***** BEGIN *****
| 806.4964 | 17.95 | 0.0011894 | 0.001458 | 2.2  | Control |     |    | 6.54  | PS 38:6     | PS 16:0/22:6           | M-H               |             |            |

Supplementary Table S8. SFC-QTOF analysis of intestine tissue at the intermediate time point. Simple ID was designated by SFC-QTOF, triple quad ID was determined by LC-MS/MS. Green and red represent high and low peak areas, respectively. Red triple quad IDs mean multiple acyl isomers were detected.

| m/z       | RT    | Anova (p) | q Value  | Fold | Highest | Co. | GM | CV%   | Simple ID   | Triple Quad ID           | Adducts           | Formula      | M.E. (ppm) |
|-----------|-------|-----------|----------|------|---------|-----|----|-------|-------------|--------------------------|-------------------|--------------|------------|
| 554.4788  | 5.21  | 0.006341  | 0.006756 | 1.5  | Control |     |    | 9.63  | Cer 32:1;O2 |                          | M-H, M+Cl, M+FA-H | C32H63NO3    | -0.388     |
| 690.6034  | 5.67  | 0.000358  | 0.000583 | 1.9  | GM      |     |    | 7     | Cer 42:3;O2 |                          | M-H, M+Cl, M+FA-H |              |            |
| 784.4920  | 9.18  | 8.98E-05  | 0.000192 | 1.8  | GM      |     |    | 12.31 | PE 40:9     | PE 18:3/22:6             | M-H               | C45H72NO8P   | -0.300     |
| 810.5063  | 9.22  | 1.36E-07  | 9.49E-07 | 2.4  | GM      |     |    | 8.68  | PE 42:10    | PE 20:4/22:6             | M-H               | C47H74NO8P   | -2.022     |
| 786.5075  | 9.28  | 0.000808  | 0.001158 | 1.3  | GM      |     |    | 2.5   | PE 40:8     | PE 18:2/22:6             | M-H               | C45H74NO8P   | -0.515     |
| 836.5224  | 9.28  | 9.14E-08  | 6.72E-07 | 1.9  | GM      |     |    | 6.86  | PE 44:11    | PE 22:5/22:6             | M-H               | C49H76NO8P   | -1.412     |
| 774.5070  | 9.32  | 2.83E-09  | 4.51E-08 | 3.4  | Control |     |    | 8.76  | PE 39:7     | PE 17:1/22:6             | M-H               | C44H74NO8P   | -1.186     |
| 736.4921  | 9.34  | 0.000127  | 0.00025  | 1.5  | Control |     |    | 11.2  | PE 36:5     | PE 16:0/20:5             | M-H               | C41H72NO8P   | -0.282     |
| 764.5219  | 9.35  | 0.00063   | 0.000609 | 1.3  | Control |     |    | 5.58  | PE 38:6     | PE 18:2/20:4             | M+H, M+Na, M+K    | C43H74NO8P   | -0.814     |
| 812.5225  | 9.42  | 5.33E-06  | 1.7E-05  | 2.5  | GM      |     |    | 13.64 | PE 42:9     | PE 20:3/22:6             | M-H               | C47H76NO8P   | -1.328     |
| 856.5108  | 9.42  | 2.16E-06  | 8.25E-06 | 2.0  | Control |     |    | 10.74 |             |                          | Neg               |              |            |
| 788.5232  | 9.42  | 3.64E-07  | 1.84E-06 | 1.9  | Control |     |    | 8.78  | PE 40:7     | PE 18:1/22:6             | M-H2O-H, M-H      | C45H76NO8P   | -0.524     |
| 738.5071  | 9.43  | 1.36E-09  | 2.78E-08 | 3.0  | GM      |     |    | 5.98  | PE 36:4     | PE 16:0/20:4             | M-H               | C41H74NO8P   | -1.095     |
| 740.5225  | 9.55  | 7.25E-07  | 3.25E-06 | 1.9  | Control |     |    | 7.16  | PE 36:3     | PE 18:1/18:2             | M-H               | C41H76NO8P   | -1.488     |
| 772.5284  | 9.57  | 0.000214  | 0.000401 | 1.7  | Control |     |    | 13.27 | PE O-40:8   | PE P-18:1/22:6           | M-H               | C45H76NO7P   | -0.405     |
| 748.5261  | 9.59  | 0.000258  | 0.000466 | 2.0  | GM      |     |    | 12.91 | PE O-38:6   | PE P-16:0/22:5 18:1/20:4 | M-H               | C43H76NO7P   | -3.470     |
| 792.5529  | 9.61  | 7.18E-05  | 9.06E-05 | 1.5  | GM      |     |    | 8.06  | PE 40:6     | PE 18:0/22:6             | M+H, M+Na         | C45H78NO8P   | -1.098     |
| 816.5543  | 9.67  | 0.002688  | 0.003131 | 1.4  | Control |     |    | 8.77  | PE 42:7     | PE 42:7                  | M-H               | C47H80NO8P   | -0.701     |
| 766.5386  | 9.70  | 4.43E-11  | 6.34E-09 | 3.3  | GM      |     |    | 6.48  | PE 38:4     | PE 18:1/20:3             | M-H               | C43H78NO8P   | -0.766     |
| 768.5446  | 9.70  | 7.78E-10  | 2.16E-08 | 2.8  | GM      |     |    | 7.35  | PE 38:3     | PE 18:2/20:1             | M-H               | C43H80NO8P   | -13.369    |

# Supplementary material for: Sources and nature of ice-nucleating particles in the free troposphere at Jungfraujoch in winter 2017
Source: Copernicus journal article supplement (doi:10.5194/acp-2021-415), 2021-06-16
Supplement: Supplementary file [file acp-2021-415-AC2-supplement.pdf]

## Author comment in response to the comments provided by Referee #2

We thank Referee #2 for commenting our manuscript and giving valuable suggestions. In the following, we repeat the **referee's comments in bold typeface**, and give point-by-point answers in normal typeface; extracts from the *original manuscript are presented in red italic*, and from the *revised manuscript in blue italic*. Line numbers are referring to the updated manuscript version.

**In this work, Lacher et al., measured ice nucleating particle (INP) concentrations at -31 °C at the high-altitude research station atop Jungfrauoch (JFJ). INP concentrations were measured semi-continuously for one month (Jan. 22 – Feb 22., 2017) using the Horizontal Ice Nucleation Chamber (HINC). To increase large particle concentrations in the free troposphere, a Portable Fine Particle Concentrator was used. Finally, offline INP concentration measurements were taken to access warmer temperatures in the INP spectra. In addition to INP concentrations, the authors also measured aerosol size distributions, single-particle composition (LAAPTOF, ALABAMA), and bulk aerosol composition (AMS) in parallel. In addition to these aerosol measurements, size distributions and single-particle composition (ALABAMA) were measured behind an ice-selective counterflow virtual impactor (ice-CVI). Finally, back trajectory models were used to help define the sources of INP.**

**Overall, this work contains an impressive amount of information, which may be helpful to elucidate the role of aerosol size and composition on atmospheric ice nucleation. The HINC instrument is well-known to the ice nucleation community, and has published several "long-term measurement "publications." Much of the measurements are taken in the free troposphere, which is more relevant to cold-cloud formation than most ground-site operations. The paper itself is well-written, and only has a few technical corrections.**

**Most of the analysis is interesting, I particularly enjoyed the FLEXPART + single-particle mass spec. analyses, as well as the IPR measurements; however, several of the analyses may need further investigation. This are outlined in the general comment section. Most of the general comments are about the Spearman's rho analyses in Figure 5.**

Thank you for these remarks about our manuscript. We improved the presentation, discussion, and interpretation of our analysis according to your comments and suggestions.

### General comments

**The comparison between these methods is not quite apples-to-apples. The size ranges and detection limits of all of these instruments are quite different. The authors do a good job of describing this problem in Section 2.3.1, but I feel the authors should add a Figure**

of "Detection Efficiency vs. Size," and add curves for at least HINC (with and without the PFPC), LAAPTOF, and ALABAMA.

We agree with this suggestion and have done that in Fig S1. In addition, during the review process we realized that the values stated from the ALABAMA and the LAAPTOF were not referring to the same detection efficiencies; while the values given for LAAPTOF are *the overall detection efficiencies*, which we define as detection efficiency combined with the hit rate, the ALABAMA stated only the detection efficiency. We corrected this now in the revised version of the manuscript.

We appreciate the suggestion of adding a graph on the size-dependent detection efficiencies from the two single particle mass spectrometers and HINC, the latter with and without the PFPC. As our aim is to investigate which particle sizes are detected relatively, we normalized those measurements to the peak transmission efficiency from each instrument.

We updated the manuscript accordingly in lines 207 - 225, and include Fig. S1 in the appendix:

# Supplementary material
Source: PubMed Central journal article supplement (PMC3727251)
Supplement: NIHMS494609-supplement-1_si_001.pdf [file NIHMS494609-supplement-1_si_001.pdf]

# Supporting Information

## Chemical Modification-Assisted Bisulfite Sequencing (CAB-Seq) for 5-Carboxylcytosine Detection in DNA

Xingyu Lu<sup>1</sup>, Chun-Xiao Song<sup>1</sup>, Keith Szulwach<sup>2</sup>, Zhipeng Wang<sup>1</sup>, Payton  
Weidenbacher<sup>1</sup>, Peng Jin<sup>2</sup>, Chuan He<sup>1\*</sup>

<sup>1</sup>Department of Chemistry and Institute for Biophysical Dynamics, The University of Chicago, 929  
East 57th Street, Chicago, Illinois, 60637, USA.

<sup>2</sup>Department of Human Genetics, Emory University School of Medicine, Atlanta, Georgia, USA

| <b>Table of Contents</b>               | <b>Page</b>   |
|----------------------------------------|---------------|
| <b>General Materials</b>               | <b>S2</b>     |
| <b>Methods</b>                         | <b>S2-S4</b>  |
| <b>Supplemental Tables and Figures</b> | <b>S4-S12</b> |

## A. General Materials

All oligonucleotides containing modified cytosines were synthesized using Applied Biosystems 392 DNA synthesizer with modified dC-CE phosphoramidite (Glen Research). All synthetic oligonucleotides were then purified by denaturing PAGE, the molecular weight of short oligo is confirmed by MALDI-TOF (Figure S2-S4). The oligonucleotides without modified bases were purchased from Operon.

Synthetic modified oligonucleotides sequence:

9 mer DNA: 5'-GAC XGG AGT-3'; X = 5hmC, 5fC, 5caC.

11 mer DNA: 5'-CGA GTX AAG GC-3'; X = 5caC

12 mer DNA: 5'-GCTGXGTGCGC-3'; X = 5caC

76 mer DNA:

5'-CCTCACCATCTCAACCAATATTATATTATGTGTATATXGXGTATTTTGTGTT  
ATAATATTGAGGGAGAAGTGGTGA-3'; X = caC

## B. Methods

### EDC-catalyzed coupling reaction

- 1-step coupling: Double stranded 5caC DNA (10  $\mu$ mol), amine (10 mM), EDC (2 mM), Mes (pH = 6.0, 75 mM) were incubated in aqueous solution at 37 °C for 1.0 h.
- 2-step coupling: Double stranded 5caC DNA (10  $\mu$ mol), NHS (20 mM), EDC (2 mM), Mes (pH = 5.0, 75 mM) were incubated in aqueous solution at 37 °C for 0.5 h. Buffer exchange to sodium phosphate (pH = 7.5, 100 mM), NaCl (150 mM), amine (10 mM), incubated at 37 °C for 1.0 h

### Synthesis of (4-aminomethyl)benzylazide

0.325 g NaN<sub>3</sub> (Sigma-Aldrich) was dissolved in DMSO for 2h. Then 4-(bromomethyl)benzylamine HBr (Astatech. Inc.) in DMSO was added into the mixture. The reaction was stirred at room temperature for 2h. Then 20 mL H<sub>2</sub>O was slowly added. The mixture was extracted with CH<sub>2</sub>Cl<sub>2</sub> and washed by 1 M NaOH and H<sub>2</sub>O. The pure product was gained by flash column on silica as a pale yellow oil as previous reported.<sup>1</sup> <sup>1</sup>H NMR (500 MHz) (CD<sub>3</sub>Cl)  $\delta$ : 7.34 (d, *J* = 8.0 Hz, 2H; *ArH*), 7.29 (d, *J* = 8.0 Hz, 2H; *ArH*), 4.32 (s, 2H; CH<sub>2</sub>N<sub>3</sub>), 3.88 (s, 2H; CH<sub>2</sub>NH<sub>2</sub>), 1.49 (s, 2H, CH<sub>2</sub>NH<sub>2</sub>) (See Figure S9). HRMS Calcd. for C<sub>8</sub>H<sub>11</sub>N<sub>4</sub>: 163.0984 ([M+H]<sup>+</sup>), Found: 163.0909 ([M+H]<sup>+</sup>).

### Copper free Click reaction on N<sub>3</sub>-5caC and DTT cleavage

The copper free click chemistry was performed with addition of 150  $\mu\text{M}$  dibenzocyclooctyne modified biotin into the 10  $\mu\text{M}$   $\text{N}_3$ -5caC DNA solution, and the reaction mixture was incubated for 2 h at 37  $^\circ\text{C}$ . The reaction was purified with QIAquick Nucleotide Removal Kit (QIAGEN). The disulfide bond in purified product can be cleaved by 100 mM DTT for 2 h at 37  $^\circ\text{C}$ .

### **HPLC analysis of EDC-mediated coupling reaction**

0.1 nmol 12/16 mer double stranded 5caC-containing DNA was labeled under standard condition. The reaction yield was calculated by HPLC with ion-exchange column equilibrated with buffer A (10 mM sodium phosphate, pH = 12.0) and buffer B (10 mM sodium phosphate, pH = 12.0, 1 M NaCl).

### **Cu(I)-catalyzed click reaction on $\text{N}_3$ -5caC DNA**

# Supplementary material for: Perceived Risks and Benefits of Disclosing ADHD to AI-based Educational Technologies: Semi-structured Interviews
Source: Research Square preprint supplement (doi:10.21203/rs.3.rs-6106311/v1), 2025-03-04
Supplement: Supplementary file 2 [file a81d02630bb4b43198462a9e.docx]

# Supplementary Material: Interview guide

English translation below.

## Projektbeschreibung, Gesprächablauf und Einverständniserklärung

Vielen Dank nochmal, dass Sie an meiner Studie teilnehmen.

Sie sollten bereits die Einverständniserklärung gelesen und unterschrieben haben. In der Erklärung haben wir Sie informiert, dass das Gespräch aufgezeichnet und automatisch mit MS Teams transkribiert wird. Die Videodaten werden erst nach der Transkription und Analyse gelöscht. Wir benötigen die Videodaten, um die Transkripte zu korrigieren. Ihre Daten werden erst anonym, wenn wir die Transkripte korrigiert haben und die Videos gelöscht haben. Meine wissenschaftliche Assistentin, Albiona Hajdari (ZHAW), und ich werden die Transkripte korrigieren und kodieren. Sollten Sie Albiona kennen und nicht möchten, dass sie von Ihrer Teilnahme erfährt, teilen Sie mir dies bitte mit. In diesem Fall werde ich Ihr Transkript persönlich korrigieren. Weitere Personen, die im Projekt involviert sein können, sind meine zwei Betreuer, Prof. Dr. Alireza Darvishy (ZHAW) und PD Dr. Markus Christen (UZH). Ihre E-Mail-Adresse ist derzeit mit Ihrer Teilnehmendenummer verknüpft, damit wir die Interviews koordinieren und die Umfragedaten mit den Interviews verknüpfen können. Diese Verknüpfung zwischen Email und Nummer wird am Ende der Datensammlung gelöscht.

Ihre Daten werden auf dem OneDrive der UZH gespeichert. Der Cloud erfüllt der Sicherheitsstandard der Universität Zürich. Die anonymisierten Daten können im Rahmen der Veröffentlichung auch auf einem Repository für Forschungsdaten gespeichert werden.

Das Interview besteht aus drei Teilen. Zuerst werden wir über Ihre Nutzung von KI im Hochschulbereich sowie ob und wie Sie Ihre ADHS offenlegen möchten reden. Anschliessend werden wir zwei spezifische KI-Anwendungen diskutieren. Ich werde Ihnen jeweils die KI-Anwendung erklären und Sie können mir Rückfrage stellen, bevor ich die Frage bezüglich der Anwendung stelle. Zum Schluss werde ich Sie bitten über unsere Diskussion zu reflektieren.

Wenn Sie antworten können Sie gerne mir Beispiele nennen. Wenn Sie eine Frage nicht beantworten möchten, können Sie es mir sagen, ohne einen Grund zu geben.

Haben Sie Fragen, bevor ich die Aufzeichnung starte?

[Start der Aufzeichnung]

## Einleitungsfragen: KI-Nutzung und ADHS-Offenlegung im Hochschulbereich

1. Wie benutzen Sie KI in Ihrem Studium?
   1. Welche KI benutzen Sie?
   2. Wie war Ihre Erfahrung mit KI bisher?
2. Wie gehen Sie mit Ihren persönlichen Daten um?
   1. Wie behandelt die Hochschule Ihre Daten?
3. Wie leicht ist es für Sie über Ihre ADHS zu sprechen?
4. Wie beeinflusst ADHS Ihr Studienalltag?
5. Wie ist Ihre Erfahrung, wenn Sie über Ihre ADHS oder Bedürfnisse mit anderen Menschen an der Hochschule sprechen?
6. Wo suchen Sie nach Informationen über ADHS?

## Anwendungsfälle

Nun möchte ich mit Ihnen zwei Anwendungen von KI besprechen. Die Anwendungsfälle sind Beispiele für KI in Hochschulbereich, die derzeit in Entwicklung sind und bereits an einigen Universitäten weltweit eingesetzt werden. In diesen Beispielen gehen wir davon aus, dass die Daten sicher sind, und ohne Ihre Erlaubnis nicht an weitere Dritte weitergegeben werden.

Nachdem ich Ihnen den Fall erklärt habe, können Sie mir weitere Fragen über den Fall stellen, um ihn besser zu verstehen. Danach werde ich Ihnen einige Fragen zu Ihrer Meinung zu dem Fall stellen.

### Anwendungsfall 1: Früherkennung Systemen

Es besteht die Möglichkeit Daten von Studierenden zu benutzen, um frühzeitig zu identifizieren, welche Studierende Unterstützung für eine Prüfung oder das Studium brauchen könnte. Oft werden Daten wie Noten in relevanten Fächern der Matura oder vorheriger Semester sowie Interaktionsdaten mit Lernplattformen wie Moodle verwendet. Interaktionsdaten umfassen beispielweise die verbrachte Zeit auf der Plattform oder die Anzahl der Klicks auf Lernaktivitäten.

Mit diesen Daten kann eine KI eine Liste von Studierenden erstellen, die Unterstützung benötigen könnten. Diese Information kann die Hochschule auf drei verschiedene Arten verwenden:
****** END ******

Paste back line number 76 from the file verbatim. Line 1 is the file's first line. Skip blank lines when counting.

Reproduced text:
Source: Research Square preprint supplement (doi:10.21203/rs.3.rs-6106311/v1), 2025-03-04